He also talks about his friendship with the late Rammellzee, and his upcoming projects  - such as a documentary on the Stooges... "There's no rush on it, but it's something that Iggy asked me to do. I'm co-writing an "opera." It won't be a traditional opera, but it'll be about the inventor Nikola Tesla, with the composer Phil Klein." He also has another film ready to shoot soon.

And my fave quote -  "There's a rule in my household that if Iggy is playing anywhere within 90 miles, we go". Great rule.


BONUS VIDEO: Pitchfork has footage of Jim Jarmusch, Bradford Cox, and No Age's Randy Randall playing Cortez the Killer.

Funky drummer!!!

Clyde “Funky Drummer” Stubblefield playing and being interviewed by Marley Marl (HT Diff Kitchen)  - DAMN! Funky ass shit.

Mark de Clive Lowe - live



MdCL and Sy Smith live in Washington DC last month. Kills it.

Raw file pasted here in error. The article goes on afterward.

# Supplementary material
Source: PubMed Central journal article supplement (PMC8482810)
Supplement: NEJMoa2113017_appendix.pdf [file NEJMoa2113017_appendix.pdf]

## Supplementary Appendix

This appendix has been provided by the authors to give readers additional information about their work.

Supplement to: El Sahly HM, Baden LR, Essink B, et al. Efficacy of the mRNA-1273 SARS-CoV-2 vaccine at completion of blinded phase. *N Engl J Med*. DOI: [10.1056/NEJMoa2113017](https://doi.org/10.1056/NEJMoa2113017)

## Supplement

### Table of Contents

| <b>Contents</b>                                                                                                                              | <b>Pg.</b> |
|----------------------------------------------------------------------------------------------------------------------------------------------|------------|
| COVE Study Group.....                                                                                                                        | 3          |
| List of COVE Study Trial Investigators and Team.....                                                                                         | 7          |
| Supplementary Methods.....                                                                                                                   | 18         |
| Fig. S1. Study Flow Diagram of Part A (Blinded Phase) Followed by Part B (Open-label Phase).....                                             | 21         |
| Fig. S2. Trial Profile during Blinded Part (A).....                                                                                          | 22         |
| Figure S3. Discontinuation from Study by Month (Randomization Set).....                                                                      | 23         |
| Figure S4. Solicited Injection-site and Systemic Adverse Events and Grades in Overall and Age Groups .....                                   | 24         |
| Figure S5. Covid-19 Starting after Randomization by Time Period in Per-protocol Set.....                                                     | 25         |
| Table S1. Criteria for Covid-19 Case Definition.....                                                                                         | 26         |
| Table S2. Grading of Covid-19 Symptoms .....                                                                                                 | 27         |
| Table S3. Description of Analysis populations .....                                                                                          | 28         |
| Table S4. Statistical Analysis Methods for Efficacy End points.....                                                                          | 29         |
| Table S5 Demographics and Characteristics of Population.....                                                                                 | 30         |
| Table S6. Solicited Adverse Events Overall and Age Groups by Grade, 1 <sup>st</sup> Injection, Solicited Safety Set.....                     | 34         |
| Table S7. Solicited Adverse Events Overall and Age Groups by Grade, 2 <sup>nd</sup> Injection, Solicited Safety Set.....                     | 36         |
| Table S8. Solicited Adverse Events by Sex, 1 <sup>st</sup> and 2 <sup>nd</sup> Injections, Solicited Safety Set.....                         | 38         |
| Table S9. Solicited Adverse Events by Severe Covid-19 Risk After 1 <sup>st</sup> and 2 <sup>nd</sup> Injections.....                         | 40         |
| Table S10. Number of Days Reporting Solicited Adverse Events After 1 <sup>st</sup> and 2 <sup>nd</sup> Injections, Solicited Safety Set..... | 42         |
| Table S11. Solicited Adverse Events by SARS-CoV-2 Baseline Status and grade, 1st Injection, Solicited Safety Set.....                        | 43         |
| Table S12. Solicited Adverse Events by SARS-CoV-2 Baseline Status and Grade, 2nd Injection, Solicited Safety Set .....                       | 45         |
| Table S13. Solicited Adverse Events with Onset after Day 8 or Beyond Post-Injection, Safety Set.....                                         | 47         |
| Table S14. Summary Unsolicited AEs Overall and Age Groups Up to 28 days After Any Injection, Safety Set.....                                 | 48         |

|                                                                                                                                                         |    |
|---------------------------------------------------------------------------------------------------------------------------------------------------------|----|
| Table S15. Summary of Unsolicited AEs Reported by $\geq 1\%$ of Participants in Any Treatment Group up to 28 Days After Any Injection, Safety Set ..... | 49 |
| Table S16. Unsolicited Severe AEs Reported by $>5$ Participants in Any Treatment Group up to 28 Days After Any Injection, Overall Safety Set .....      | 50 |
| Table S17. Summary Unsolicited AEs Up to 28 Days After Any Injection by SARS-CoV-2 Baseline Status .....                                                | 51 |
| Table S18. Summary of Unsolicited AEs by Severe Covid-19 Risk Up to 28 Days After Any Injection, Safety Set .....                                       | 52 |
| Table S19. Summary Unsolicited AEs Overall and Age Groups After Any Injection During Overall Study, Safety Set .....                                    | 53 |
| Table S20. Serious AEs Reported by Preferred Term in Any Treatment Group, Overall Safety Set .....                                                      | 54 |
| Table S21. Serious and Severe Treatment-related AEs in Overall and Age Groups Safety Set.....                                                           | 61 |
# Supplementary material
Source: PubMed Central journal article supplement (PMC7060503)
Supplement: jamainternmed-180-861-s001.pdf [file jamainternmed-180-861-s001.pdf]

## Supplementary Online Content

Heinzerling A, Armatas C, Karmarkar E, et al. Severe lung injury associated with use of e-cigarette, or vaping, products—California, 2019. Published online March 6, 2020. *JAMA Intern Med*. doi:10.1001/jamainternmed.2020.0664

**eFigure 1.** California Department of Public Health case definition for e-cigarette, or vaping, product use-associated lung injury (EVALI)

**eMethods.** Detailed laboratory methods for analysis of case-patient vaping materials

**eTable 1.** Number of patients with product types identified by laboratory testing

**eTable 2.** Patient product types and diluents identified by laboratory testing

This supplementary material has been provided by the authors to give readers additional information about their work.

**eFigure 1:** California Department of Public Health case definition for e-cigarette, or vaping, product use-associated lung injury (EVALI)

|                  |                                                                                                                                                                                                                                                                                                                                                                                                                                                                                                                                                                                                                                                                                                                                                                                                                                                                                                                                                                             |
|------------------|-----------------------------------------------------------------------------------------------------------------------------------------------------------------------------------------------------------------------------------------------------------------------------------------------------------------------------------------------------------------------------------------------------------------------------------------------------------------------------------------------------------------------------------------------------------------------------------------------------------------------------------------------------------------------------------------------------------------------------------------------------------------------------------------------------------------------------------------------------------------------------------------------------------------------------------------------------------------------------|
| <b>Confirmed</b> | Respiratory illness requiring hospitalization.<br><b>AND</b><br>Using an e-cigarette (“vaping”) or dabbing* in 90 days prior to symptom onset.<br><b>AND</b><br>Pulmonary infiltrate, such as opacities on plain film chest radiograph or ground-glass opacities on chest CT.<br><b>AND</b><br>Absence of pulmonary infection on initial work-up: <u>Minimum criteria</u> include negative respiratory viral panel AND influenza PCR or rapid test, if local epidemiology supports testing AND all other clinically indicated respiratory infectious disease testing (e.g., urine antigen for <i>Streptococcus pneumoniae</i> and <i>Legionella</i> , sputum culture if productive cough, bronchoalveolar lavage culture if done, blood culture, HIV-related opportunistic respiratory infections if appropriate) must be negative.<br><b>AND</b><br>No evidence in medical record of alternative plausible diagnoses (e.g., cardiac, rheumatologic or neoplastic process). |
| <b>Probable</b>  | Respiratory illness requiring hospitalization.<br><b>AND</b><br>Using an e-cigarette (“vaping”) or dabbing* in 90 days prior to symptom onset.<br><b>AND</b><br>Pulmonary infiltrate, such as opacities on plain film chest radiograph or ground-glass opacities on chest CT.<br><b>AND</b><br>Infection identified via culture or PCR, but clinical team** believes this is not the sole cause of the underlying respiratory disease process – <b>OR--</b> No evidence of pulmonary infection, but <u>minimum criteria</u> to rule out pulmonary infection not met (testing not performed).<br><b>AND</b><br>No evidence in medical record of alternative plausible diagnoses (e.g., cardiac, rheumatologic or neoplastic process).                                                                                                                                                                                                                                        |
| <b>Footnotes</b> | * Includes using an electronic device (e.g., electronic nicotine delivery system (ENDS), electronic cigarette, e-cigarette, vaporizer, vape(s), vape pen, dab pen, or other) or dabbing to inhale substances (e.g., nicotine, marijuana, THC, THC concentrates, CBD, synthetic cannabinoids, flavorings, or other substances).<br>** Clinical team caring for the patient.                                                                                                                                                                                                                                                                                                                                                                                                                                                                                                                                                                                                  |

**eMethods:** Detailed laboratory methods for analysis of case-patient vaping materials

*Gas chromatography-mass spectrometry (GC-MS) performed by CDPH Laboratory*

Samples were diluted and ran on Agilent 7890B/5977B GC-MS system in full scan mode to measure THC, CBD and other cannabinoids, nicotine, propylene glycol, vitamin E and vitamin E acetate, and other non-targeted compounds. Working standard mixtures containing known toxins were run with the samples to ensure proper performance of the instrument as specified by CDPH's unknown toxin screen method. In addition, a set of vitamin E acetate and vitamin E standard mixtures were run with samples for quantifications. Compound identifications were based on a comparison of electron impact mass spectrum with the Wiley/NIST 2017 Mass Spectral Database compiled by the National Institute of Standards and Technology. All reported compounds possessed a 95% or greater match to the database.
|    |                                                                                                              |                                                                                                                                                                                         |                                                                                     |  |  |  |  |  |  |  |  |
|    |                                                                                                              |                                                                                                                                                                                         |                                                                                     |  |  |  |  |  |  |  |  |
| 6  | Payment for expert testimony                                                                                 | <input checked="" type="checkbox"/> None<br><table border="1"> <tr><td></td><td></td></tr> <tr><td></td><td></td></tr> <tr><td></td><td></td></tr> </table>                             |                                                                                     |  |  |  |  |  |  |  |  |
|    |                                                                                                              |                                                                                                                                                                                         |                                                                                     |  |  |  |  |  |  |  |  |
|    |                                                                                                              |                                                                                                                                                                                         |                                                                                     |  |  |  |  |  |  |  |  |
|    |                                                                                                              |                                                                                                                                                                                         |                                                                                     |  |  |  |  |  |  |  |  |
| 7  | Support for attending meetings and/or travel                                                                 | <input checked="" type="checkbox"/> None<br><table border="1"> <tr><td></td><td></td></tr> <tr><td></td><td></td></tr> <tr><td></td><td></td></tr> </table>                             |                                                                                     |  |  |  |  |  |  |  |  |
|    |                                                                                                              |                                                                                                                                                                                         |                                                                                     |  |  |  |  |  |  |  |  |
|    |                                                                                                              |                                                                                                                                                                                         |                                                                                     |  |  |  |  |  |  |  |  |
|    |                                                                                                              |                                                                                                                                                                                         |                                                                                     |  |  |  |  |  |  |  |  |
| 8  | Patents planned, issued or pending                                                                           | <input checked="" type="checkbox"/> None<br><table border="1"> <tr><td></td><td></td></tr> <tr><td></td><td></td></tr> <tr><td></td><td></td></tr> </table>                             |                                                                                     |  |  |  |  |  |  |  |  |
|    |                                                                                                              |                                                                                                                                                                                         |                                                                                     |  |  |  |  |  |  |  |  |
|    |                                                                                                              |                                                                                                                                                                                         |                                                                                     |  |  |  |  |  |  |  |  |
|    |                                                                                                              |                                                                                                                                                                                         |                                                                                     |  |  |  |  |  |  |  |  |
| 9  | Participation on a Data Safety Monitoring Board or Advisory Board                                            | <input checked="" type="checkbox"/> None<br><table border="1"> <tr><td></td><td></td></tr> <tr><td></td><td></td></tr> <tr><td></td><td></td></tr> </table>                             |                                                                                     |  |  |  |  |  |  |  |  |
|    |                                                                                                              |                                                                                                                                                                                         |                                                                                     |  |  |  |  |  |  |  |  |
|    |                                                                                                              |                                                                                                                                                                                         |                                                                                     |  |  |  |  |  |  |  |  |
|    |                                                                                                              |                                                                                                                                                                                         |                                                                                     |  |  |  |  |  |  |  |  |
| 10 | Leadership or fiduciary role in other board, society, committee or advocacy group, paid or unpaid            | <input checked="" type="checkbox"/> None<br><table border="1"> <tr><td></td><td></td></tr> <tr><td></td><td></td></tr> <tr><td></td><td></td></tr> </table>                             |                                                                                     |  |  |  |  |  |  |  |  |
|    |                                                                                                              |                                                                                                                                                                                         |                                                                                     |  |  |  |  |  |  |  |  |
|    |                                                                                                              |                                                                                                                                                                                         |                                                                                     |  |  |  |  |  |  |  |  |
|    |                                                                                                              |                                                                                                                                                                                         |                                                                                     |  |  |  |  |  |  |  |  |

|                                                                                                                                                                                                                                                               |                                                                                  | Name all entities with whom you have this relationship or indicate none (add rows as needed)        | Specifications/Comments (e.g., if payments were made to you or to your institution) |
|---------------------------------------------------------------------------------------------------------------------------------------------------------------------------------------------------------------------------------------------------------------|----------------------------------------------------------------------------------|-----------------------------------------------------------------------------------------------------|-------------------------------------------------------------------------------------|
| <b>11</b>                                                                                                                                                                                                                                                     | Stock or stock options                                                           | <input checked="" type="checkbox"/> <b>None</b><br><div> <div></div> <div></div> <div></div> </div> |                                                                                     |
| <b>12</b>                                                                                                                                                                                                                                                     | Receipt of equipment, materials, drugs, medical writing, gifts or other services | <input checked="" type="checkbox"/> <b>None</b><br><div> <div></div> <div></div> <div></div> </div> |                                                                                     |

Hat tip to Potholes in my blog.

Protect ya neck, busker styles



Lewis Floyd Henry, London.

Sunday, August 22, 2010

The Making of OutKast's Aquemini


Track by track... read it here...


"By the time Aquemini was due to drop in the fall of 1998, no one knew what to expect from the-soon-to-be-iconic OutKast....

...Now that the Dirty South rules the world, it's easy to forget that Aquemini was the first Southern hip-hop album to earn the coveted five-mic rating from the former bible of the genre, The Source magazine.

At the time, R&B was dead, rap was on its last leg (R.I.P. Biggie and Pac), and Bill Clinton was in the Oval Office getting some head. But it mattered not. If post-soul polemics and pre-millennial angst had the world in a funk, Aquemini only made things funkier..."


snip... "Liberation" feat. Erykah Badu, Cee-Lo, Big Rube, Joi, Myrna "Skreechy Peach" Brown.

"... that [song featured] Erykah, Big Rube, Cee-Lo - again random occurrences. Dre's baby mama was Erykah Badu. I mean, damn, why wouldn't you put your baby mama on the record if she's Erykah Badu? It's not like he came to the studio and said, 'I want to put my girl on the song,' and this bitch work at the Varsity. She's Erykah Badu. Okay, do it."